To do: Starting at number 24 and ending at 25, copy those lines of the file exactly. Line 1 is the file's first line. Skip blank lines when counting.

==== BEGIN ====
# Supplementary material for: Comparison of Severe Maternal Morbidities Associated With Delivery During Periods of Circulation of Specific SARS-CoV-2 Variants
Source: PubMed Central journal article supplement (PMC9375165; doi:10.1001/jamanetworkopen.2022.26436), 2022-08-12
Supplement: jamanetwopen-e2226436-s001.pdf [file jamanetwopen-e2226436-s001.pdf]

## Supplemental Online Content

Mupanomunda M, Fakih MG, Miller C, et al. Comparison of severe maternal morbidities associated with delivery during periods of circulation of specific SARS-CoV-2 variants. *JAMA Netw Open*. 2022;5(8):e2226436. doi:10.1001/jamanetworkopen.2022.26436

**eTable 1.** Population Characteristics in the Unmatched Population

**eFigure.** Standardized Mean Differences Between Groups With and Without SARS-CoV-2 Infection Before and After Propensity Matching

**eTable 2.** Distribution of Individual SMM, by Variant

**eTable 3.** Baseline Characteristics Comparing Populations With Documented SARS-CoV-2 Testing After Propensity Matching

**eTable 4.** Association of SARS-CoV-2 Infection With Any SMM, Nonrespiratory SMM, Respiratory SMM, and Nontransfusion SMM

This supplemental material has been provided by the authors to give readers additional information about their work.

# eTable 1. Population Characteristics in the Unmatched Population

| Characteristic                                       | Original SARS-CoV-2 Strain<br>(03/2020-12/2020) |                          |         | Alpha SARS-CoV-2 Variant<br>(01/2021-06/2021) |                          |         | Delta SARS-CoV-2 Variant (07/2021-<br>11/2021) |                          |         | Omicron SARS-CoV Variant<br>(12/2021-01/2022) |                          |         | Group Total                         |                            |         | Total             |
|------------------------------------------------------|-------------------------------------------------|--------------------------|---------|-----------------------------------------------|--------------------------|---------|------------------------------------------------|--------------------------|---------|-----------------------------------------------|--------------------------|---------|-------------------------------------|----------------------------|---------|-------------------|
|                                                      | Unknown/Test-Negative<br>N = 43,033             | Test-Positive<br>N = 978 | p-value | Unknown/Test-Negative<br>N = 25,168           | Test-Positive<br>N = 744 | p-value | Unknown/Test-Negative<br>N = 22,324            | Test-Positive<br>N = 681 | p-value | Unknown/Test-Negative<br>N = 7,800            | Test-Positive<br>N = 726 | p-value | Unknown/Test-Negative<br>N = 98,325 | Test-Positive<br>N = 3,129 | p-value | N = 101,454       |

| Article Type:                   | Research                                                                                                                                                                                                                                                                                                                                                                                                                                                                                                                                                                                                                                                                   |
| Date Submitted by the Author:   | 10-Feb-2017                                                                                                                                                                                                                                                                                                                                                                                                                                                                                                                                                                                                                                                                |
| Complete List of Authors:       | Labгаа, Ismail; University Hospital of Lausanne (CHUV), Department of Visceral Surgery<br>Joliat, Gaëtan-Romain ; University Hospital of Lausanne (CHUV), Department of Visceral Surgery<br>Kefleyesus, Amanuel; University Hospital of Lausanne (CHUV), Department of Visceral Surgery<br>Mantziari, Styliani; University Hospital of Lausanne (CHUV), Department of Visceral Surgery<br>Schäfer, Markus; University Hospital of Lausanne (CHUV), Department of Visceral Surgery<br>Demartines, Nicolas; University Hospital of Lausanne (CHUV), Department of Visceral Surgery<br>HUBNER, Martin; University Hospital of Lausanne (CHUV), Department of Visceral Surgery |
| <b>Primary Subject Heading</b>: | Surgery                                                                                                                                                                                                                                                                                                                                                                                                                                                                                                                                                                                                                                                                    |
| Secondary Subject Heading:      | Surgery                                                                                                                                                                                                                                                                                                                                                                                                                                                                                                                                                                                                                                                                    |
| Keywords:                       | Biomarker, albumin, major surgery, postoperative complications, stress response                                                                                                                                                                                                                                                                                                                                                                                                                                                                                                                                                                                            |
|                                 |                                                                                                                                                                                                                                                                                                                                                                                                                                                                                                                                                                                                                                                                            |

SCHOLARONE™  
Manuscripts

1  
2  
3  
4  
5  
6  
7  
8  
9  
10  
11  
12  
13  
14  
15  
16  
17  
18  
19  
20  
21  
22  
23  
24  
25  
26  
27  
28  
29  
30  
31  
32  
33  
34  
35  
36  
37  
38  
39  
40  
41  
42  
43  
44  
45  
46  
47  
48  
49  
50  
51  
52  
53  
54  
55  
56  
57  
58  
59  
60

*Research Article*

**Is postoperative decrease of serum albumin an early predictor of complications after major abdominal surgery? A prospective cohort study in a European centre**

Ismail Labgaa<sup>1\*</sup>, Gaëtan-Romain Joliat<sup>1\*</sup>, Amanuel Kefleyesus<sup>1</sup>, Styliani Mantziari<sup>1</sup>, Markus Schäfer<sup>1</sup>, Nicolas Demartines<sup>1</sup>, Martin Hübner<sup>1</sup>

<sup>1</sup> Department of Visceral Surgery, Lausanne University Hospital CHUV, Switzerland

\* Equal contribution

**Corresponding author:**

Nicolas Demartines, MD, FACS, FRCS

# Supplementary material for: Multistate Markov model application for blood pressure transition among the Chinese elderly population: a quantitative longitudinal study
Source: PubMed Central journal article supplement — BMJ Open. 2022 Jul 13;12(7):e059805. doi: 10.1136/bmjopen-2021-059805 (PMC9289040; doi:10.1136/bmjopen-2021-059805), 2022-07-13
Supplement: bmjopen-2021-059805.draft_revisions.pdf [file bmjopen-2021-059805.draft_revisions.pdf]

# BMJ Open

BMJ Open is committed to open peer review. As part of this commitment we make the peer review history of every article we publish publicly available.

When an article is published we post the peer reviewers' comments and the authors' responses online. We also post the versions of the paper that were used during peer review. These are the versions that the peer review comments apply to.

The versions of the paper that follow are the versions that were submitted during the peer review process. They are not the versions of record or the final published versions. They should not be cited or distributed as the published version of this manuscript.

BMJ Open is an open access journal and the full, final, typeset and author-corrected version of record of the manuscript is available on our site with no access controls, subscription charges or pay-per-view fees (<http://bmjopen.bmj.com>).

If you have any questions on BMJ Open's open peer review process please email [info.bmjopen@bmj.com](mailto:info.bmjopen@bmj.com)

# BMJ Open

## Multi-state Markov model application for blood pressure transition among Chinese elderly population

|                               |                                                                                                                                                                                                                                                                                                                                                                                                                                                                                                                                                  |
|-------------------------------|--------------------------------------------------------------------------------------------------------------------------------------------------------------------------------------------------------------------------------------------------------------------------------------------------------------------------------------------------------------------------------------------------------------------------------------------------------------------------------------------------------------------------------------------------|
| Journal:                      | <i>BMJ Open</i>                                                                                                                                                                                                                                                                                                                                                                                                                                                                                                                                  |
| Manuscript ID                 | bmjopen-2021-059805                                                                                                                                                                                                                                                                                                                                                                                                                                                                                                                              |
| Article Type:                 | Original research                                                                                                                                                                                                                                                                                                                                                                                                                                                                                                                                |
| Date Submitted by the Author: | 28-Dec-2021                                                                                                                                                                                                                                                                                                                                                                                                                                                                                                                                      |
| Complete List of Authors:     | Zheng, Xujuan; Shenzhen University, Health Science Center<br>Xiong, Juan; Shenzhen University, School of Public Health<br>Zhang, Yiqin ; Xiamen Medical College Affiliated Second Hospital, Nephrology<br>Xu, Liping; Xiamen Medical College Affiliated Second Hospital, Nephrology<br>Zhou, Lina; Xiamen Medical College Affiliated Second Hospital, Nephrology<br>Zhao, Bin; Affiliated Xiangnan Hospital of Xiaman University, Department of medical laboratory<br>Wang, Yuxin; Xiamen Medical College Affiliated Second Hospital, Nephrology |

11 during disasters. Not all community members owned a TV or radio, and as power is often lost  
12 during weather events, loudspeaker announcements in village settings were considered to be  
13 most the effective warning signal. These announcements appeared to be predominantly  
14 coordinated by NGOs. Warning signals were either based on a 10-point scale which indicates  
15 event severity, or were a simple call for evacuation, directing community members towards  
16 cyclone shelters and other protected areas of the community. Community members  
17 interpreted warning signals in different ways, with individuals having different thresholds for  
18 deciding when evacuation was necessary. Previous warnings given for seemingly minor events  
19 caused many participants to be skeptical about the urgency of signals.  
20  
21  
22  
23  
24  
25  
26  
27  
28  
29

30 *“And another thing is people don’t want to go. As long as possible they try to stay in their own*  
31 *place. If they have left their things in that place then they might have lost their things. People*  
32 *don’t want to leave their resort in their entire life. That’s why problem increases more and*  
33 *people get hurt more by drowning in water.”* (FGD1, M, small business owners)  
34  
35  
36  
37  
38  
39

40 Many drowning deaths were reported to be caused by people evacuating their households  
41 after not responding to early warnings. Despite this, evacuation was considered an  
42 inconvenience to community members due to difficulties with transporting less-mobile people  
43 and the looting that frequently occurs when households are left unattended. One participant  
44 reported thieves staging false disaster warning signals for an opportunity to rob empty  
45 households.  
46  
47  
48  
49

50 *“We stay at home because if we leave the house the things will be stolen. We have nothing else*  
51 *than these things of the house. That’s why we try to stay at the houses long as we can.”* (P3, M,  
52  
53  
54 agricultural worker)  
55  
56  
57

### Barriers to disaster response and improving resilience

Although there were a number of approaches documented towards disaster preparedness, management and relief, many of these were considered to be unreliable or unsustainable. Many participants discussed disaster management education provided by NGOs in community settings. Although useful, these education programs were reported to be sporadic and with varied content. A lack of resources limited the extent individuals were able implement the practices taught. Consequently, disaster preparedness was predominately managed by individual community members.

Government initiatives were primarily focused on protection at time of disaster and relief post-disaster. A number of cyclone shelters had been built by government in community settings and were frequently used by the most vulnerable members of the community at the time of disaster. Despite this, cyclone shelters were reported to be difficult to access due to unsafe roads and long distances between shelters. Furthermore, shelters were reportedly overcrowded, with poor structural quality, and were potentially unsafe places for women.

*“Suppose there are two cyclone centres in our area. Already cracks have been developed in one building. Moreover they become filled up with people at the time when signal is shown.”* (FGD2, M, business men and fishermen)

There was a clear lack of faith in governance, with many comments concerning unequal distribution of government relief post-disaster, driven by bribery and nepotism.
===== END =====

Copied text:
Manuscripts

1  